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Novel moving, handling and extraction simulation for students in a soft play area

02 October 2023
Volume 15 · Issue 10



Emergency medical services often have to extricate patients from their location and take them to an ambulance. High-quality training is required to ensure patient and staff safety during moving, handling and extrication manoeuvres. This study aimed to determine student satisfaction and self-confidence regarding what they had learnt after a novel moving, handling and extrication simulation exercise in a children's soft play area.


A mixed-methods cross-sectional survey was adopted, using the validated Student Satisfaction and Self-Confidence in Learning survey tool. Qualitative data were collected from an open question for additional comments. Student paramedics and student emergency medical technicians from one higher education institution completed four time-limited scenarios, each of which involved moving an immobile patient away from their environment. Descriptive statistics were determined for the participant characteristics and survey responses. Thematic analysis was performed on the qualitative data.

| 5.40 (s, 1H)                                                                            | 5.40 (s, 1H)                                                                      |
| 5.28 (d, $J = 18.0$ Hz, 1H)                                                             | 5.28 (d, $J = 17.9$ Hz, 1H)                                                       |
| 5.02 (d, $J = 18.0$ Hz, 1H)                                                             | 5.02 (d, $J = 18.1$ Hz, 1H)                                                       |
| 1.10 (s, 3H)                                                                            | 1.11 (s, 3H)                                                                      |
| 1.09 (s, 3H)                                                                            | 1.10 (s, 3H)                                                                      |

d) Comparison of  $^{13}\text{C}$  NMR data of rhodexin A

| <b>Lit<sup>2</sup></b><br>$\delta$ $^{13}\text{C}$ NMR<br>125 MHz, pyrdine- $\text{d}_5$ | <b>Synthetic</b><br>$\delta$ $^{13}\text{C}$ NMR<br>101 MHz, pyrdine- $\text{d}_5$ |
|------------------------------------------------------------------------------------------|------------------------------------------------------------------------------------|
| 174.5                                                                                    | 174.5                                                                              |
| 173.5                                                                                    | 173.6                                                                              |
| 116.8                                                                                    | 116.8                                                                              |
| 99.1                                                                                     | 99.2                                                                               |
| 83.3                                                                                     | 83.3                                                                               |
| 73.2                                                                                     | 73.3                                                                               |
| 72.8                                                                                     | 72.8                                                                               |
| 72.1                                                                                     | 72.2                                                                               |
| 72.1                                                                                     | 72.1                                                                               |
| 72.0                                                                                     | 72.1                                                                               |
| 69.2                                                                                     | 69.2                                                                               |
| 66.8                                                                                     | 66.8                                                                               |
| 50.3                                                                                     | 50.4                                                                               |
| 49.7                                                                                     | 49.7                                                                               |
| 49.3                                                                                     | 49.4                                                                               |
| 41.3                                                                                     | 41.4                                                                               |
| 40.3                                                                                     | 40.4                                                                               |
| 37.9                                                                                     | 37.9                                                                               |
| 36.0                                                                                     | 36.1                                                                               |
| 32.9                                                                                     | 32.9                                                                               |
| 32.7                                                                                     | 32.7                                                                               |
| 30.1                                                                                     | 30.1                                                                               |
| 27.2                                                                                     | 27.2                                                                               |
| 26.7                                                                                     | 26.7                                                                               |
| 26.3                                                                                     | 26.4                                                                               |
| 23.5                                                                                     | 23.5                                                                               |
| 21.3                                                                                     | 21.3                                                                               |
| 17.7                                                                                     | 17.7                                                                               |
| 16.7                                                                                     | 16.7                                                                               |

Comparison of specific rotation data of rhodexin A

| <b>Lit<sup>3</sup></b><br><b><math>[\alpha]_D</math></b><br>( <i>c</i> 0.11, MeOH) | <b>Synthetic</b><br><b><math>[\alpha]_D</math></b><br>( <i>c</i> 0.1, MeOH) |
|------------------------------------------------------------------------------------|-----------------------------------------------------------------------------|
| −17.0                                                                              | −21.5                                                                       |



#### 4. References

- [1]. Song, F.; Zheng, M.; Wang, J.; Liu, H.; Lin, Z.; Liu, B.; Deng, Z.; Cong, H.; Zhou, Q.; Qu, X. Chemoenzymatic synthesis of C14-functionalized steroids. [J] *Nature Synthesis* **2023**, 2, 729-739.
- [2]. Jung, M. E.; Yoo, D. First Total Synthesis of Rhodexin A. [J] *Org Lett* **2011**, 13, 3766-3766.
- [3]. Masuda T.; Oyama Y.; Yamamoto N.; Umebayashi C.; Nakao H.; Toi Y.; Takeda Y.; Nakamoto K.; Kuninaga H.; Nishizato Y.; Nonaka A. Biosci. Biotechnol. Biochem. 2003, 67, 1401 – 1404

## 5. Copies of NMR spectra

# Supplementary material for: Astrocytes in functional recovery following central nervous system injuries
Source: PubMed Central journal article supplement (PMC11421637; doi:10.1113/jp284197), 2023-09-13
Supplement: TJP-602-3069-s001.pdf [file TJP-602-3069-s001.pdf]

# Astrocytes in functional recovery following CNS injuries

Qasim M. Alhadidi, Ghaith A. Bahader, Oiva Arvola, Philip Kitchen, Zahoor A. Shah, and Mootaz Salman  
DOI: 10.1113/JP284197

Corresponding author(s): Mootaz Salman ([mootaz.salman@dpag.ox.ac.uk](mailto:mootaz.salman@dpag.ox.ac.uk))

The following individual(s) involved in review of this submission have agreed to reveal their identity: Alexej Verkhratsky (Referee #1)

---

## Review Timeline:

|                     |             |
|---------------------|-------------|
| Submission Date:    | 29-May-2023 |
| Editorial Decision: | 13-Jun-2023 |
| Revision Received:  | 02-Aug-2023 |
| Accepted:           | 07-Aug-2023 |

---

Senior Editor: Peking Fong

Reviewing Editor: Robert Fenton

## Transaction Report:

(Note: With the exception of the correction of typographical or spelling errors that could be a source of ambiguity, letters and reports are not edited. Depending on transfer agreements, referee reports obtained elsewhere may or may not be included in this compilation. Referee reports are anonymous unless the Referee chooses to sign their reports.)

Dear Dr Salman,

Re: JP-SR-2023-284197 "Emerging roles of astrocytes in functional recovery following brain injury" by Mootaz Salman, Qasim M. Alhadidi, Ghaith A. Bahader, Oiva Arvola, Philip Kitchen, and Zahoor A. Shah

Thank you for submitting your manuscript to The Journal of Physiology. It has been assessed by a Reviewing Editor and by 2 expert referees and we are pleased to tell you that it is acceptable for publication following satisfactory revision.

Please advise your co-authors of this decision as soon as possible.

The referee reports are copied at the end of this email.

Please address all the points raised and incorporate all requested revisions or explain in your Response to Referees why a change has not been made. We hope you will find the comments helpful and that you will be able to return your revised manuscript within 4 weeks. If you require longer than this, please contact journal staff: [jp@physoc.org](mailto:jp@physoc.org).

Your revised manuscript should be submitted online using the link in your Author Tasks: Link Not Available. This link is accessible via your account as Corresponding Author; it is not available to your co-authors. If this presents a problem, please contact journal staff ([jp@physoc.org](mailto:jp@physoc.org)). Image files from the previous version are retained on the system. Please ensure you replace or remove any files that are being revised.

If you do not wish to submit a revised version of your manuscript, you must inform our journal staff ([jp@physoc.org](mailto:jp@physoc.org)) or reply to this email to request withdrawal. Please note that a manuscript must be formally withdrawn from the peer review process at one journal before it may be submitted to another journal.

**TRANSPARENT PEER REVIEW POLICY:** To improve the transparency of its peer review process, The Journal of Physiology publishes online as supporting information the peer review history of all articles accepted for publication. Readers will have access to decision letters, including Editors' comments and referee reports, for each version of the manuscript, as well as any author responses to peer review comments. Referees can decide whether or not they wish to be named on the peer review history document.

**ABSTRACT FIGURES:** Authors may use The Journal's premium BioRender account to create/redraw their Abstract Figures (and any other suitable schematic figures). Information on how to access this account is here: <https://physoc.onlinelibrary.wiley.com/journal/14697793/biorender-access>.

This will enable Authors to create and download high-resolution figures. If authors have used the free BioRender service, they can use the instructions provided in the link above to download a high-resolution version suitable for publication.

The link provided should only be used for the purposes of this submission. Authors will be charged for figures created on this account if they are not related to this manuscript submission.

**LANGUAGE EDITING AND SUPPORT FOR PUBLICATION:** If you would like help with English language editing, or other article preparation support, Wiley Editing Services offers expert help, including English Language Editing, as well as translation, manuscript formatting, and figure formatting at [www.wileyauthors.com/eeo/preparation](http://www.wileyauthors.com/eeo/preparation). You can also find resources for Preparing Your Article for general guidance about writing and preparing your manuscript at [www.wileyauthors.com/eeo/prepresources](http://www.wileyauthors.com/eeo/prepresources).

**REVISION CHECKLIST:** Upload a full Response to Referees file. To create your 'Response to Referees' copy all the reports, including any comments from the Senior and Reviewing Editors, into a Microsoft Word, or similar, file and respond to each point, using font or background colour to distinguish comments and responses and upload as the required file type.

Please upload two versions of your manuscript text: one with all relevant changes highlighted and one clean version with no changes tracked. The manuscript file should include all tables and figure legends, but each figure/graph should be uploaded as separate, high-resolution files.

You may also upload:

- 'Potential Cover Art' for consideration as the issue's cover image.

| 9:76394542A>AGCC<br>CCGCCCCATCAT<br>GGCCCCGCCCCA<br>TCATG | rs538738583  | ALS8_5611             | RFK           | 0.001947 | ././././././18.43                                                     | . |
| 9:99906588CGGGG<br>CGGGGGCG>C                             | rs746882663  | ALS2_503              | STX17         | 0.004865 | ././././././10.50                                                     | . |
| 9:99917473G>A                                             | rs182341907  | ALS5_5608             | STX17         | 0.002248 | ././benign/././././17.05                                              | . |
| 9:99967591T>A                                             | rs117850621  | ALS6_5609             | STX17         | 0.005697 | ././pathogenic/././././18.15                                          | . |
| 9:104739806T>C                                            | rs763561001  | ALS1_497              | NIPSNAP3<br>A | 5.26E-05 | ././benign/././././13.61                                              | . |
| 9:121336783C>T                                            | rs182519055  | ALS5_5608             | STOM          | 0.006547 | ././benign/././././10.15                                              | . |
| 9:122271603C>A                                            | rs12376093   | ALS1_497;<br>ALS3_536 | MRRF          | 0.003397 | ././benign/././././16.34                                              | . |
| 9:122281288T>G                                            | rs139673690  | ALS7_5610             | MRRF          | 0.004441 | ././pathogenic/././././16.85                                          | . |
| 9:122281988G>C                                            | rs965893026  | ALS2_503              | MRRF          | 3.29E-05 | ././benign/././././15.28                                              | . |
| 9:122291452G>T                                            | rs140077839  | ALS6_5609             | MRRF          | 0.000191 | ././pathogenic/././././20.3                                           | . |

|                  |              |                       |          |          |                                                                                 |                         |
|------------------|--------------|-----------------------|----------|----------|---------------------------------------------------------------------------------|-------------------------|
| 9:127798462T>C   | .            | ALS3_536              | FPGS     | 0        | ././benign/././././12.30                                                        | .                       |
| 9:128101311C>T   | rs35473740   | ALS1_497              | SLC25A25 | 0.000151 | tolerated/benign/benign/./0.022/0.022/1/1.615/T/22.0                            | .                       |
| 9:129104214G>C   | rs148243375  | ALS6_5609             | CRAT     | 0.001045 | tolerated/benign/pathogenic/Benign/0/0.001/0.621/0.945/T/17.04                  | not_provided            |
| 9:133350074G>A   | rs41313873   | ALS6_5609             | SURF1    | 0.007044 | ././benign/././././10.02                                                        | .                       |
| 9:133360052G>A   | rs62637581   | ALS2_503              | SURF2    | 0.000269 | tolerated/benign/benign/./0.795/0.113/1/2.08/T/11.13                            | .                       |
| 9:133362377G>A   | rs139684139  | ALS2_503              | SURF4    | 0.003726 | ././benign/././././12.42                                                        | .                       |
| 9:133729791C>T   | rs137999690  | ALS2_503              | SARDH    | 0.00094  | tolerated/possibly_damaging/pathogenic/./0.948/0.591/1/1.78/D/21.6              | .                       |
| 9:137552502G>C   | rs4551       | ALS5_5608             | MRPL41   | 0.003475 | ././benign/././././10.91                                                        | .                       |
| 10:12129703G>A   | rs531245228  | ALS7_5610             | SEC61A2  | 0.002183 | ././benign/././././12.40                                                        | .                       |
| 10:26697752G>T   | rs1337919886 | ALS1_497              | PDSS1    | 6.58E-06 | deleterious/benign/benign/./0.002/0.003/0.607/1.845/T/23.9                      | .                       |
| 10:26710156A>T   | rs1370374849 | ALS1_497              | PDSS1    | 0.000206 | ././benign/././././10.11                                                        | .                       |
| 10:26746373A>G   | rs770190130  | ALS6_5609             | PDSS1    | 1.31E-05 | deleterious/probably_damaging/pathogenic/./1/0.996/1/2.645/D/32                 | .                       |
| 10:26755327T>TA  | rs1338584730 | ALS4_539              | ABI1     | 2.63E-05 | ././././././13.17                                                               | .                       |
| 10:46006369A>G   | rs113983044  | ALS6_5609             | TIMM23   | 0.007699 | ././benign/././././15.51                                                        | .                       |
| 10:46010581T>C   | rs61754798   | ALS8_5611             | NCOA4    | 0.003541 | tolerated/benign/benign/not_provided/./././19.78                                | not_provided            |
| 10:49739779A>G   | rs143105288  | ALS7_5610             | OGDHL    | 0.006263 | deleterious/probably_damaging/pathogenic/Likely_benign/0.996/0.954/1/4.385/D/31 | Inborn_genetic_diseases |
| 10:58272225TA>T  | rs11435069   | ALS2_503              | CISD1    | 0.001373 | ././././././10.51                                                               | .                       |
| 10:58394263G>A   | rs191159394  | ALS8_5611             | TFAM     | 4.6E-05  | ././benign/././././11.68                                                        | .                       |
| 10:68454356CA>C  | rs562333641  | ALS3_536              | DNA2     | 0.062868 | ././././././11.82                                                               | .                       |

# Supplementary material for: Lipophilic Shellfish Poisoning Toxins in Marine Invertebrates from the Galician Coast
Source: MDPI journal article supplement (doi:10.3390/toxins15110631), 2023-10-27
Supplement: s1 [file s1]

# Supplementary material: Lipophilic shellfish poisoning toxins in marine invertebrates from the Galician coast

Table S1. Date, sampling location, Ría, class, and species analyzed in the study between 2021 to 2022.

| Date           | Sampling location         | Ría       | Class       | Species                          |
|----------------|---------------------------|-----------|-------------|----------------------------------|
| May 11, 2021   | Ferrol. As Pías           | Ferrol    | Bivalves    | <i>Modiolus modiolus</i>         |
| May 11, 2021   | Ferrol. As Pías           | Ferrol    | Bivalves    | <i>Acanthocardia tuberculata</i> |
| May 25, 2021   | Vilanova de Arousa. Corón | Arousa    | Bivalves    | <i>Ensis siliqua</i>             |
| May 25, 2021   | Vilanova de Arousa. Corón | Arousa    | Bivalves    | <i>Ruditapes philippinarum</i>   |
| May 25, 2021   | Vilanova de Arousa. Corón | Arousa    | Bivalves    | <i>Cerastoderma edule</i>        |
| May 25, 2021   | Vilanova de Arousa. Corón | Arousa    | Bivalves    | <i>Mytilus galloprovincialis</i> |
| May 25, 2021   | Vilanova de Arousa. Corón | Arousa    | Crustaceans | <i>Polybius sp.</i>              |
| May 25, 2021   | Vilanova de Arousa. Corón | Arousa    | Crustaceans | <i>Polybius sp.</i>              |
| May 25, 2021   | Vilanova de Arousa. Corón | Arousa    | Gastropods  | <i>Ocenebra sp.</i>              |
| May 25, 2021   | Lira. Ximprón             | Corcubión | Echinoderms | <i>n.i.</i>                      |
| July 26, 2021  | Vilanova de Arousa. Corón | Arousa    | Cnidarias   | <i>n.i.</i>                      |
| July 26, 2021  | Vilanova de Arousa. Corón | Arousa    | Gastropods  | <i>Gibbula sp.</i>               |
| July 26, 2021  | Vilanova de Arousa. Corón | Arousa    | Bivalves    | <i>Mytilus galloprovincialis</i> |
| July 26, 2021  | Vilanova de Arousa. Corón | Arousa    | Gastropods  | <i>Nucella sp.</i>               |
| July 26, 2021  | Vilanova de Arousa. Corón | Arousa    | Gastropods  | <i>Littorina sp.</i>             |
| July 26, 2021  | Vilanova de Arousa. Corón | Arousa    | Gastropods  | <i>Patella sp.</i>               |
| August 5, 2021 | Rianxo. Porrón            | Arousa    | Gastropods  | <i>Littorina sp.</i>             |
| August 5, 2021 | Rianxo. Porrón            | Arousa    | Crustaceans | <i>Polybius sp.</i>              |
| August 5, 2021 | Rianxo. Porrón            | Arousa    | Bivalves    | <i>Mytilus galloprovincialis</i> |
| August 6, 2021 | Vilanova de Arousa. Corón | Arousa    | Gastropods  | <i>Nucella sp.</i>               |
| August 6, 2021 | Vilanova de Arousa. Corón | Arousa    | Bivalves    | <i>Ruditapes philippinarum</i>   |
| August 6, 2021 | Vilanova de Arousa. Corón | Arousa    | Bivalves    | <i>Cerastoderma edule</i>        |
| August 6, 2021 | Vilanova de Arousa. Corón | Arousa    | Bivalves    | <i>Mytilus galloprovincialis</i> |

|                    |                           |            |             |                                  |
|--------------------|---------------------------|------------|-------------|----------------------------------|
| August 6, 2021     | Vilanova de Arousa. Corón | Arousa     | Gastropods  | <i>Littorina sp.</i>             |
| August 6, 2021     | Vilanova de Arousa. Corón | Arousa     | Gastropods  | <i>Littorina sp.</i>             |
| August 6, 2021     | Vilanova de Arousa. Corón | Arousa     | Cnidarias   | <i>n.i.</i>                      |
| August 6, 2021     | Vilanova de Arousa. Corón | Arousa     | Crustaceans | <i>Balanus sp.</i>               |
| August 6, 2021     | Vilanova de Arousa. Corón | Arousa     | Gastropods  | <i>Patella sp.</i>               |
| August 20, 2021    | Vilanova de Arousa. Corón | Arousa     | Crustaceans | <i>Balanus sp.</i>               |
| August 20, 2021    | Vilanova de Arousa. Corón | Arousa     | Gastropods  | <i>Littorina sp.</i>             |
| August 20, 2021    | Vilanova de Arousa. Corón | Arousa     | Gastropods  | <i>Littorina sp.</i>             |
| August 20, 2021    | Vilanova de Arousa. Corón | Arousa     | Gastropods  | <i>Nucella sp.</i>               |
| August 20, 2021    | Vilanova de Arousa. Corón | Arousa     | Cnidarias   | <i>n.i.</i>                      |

The student participants were aged 18–47 years and the majority were women. They were satisfied with both their learning and their self-confidence in what they had learnt after the simulation event, and felt their communication and teamwork skills had improved. They enjoyed the event more than classroom-based simulation. While they felt the simulation was realistic, suggestions were made to make it more so.


Use of a children's soft play area for a moving, handling and extrication simulation provided student satisfaction and self-confidence in learning.

Medical emergencies involving injuries or illnesses that require attendance by ambulance services can occur in any environment—in the home, at work and in public places such as parks, roads or public buildings (Caroline et al, 2007). Where transport to hospital is necessary, removing the patient from the scene to the ambulance (extrication) is required. Sometimes the environment can be challenging (such as within confined spaces or damaged vehicles) or the injury or illness may make extrication difficult (such as when a person has hypotension or possible spinal injuries).

Safety in manual handling and extrication is important for both staff and patients to avoid injury. In Great Britain, 470 000 workers developed a work-related musculoskeletal disorder during 2020–21 (Health and Safety Executive, 2023). Each year in the UK, 300 000 people experience back pain caused by manual handling accidents (Unison, 2023). NHS Resolution (2020) paid out £57 million in damages, claimant legal costs and NHS legal expenses for over 2000 settled claims relating to manual handling to patients and staff between 2009 and 2019, with back (45%) and upper limb (30%) claims constituting the highest proportion. Effective manual handling and extrication training is therefore essential to prevent patient and staff injury and to lessen the financial implications.

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